"A brilliant, idiosyncratic song stylist who turns each piece into an emotionally taut tale."
-Andrew Gilbert, San Jose Mercury News
"Where have you been hiding, Ed Reed? The entire jazz world needs to hear you!"
This project – my first recording, has been a long time coming. Growing up in Watts in the 30s and 40s provided a rare musical learning environment. I was in high school talent shows with “Little Esther” Phillips and Bobby Nunn of the Coasters. I learned to sing chord changes from the man who would become jazz master Charles Mingus while he was minding his sister’s kids across the street from my house. I left high school before graduation – alienated by teachers who wanted me to go to shoe shop when I wanted to study debate – and joined the Army where I became addicted to heroin.
I served four stints in San Quentin and Folsom prisons on drug-related charges. Thanks to my love of jazz I was able to survive those ordeals. In two of my incarcerations, I was a featured singer in the warden’s show performing with an inmate big band and Art Pepper soloing on all of my tunes. When I wasn’t doing time, I did many “open mikes” with jazz greats like Wardell Gray, Art Farmer, Hampton Hawes, Dexter Gordon, and others.
I learned “A Sleepin’ Bee” – the lead song on this recording – during one of my stints in prison. Every week we were given one-half hour to listen to jazz on the radio. We jazz lovers were really hungry for new music and the radio was our only access to it. So, we developed a process to collectively learn new tunes. Whenever we heard something unfamiliar that we liked, each of us – often up to 20 of us – learned as much of the tune as possible. The next day we would meet in the yard with a guitarist and painstakingly attempt to put the fragments of melody, chords, and lyrics together. Sometimes it took several months to recreate a single tune. When we heard Bill Henderson sing “A Sleepin’ Bee,” it became one of our favorites and we learned it quickly. I’ve loved the tune ever since, and sing it every chance I get.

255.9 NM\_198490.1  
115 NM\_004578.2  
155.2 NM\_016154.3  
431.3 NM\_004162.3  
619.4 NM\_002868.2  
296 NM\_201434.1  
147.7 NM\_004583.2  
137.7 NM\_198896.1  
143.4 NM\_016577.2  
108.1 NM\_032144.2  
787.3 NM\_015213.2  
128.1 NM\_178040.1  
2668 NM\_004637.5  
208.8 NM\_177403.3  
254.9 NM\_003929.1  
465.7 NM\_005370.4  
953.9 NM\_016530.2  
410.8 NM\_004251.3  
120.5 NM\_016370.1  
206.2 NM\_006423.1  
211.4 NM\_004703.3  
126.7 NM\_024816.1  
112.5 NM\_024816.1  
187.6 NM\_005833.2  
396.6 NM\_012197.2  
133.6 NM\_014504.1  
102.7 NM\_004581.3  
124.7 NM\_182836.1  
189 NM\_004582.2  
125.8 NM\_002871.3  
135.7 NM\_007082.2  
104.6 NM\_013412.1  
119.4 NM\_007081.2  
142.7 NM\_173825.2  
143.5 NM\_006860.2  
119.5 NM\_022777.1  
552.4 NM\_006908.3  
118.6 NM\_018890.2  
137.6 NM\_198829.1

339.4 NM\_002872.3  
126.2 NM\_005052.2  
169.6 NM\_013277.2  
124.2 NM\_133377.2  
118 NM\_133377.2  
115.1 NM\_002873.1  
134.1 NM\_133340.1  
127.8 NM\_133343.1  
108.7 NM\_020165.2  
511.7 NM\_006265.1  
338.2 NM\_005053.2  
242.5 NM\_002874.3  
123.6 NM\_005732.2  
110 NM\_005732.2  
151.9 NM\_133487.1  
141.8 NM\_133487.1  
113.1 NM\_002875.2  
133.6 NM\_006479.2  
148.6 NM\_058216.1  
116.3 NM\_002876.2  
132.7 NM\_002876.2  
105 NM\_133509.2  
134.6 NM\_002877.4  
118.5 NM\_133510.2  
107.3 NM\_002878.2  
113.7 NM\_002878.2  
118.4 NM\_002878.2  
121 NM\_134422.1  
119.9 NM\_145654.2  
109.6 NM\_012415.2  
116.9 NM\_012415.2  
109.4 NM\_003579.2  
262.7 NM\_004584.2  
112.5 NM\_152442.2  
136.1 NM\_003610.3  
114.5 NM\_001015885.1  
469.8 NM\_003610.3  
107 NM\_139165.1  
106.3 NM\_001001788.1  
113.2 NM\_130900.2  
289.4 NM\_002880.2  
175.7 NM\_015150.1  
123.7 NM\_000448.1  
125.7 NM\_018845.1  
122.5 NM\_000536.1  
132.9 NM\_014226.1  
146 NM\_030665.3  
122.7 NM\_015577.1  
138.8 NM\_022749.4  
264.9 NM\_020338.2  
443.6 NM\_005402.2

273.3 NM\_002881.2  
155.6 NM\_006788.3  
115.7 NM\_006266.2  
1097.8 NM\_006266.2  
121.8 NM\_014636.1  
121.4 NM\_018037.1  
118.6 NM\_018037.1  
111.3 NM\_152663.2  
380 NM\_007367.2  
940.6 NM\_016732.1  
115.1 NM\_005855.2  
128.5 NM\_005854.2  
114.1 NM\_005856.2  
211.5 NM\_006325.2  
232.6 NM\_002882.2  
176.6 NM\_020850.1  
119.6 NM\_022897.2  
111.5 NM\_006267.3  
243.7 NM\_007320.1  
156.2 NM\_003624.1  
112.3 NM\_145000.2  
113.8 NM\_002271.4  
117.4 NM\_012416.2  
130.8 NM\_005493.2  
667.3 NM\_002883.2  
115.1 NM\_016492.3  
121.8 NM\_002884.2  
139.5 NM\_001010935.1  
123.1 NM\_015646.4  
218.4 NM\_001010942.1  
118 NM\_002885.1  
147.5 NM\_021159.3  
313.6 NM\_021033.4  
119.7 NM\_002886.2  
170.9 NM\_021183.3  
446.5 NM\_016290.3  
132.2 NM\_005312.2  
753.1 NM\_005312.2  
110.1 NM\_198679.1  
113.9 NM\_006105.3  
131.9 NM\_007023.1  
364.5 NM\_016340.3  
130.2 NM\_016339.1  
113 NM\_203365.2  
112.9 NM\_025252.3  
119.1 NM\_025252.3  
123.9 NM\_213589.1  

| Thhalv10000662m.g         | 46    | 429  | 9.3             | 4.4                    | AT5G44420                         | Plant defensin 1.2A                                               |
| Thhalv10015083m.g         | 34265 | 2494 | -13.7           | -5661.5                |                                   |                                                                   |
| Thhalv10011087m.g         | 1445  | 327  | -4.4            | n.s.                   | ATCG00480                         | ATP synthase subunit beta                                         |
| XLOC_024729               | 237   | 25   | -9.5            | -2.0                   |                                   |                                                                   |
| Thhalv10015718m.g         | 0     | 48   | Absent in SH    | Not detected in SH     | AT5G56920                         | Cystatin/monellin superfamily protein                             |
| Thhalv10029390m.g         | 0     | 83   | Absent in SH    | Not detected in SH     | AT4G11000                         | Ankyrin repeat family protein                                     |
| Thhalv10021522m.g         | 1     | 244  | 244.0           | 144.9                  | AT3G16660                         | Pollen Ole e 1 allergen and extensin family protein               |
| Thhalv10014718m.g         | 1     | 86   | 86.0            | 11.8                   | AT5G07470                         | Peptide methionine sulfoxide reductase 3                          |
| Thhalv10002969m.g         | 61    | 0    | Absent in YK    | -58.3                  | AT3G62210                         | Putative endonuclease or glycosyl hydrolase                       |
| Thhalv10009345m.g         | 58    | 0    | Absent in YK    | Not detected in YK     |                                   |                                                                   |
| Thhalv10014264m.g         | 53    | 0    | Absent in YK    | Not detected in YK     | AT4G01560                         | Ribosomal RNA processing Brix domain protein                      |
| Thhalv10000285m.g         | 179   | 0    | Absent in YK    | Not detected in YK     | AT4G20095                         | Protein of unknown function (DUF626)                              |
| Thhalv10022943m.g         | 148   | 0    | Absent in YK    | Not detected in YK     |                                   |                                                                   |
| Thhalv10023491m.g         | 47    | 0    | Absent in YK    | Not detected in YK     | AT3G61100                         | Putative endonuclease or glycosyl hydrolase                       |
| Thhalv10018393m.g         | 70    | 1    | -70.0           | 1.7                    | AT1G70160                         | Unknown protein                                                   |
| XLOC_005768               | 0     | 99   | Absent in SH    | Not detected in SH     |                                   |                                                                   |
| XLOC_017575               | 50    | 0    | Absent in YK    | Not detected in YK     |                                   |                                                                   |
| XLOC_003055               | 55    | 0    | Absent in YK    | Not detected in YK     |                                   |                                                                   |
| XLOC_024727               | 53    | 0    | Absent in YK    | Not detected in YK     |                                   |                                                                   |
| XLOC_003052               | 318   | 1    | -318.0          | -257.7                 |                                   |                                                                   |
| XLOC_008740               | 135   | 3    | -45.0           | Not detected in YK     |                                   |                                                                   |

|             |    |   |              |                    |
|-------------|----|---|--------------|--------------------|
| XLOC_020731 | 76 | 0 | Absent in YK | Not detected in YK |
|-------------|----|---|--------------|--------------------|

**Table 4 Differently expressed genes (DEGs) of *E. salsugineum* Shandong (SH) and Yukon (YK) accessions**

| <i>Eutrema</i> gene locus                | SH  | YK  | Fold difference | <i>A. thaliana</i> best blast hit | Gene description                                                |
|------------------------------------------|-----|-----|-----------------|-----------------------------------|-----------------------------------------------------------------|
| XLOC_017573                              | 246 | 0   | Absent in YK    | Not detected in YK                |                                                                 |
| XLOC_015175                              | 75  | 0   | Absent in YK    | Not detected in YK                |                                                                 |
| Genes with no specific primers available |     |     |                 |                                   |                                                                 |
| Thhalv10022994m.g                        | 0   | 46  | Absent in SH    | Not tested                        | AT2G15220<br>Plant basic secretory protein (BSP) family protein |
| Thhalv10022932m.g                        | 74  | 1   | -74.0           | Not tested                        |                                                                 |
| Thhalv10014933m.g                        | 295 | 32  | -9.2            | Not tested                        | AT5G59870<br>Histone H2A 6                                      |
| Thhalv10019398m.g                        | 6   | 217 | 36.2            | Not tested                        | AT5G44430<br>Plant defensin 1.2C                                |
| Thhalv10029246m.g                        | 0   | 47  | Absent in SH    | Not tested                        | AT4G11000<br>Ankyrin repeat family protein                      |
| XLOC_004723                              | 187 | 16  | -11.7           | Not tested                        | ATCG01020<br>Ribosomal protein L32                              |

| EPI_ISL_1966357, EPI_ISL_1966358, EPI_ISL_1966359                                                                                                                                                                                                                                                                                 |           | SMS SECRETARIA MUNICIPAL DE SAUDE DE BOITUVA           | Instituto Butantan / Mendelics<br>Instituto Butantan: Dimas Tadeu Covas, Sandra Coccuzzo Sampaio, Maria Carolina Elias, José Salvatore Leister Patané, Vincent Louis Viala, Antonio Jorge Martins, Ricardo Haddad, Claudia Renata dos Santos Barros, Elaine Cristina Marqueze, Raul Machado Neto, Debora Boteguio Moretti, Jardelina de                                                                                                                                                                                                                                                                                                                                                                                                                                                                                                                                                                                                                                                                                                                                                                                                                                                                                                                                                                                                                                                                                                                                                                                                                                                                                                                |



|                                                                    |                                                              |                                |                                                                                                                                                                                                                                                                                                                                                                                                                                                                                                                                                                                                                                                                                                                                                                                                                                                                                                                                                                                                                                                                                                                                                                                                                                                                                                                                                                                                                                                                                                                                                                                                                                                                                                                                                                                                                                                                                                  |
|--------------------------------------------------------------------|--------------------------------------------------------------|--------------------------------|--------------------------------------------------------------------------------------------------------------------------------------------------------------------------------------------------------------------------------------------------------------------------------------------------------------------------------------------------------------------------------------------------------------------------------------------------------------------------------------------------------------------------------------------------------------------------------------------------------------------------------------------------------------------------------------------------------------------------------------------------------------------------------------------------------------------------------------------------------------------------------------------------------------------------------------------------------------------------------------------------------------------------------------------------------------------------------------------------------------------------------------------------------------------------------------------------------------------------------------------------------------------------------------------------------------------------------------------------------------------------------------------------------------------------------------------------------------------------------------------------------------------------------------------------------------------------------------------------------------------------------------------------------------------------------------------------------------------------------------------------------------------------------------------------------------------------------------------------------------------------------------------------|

In 1986, after 40 years of drug addiction, I finally got into a program of drug and alcohol recovery, which allowed me to do the “day job” I love – program planning and development, training, and creating a successful lecture series on the art and practice of living well. And now I’ve had the privilege to make this recording with a remarkable ensemble of New York and Bay Area musicians. Life has been good to me!
We think this record is pretty special. The songs are some of the most beautiful I have ever known. Most of them have haunted me since I first heard them many years ago. I am so pleased to be able to share my rendition of these wonderful tunes with you. I hope you enjoy listening to them as much as I do singing them.